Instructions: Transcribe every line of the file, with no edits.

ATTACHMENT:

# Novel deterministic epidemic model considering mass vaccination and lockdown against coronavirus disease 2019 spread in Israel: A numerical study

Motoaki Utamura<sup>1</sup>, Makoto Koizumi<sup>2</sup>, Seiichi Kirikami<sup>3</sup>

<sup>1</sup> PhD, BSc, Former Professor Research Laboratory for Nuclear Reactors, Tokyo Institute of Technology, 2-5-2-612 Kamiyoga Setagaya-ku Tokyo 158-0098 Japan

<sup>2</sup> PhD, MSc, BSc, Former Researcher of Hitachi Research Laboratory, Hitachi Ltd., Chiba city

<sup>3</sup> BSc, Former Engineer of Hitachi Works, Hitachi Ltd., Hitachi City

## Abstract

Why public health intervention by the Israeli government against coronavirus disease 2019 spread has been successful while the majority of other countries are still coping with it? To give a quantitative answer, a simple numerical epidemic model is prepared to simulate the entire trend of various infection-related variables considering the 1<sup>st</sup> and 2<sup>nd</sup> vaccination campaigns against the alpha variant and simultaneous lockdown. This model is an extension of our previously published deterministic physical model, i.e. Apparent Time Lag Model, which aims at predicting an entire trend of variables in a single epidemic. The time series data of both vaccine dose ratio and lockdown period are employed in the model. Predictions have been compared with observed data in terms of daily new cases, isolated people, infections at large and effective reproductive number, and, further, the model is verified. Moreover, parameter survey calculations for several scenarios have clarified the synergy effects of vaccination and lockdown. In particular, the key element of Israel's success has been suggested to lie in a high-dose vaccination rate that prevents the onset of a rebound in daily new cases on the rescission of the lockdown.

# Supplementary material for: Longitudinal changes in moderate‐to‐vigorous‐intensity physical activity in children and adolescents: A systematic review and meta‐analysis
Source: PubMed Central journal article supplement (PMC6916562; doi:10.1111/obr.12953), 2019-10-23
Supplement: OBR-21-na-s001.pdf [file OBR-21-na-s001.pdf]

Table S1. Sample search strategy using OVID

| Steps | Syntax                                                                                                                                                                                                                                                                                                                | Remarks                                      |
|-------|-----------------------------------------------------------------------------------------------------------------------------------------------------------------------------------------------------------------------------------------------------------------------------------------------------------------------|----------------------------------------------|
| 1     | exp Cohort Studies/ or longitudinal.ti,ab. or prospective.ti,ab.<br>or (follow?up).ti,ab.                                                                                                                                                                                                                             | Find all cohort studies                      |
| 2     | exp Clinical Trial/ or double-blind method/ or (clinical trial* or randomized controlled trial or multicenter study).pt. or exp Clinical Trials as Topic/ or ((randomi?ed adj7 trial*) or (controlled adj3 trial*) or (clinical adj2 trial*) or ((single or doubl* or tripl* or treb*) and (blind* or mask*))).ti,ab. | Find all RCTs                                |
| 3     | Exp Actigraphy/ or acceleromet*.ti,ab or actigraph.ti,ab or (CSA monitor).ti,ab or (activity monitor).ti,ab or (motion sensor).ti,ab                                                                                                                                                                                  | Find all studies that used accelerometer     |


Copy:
# Novel deterministic epidemic model considering mass vaccination and lockdown against coronavirus disease 2019 spread in Israel: A numerical study

Motoaki Utamura<sup>1</sup>, Makoto Koizumi<sup>2</sup>, Seiichi Kirikami<sup>3</sup>

<sup>1</sup> PhD, BSc, Former Professor Research Laboratory for Nuclear Reactors, Tokyo Institute of Technology, 2-5-2-612 Kamiyoga Setagaya-ku Tokyo 158-0098 Japan

<sup>2</sup> PhD, MSc, BSc, Former Researcher of Hitachi Research Laboratory, Hitachi Ltd., Chiba city

<sup>3</sup> BSc, Former Engineer of Hitachi Works, Hitachi Ltd., Hitachi City

## Abstract

Why public health intervention by the Israeli government against coronavirus disease 2019 spread has been successful while the majority of other countries are still coping with it? To give a quantitative answer, a simple numerical epidemic model is prepared to simulate the entire trend of various infection-related variables considering the 1<sup>st</sup> and 2<sup>nd</sup> vaccination campaigns against the alpha variant and simultaneous lockdown. This model is an extension of our previously published deterministic physical model, i.e. Apparent Time Lag Model, which aims at predicting an entire trend of variables in a single epidemic. The time series data of both vaccine dose ratio and lockdown period are employed in the model. Predictions have been compared with observed data in terms of daily new cases, isolated people, infections at large and effective reproductive number, and, further, the model is verified. Moreover, parameter survey calculations for several scenarios have clarified the synergy effects of vaccination and lockdown. In particular, the key element of Israel's success has been suggested to lie in a high-dose vaccination rate that prevents the onset of a rebound in daily new cases on the rescission of the lockdown.

# Supplementary material for: Longitudinal changes in moderate‐to‐vigorous‐intensity physical activity in children and adolescents: A systematic review and meta‐analysis
Source: PubMed Central journal article supplement (PMC6916562; doi:10.1111/obr.12953), 2019-10-23
Supplement: OBR-21-na-s001.pdf [file OBR-21-na-s001.pdf]

Table S1. Sample search strategy using OVID

| Steps | Syntax                                                                                                                                                                                                                                                                                                                | Remarks                                      |
|-------|-----------------------------------------------------------------------------------------------------------------------------------------------------------------------------------------------------------------------------------------------------------------------------------------------------------------------|----------------------------------------------|
| 1     | exp Cohort Studies/ or longitudinal.ti,ab. or prospective.ti,ab.<br>or (follow?up).ti,ab.                                                                                                                                                                                                                             | Find all cohort studies                      |
| 2     | exp Clinical Trial/ or double-blind method/ or (clinical trial* or randomized controlled trial or multicenter study).pt. or exp Clinical Trials as Topic/ or ((randomi?ed adj7 trial*) or (controlled adj3 trial*) or (clinical adj2 trial*) or ((single or doubl* or tripl* or treb*) and (blind* or mask*))).ti,ab. | Find all RCTs                                |
| 3     | Exp Actigraphy/ or acceleromet*.ti,ab or actigraph.ti,ab or (CSA monitor).ti,ab or (activity monitor).ti,ab or (motion sensor).ti,ab                                                                                                                                                                                  | Find all studies that used accelerometer     |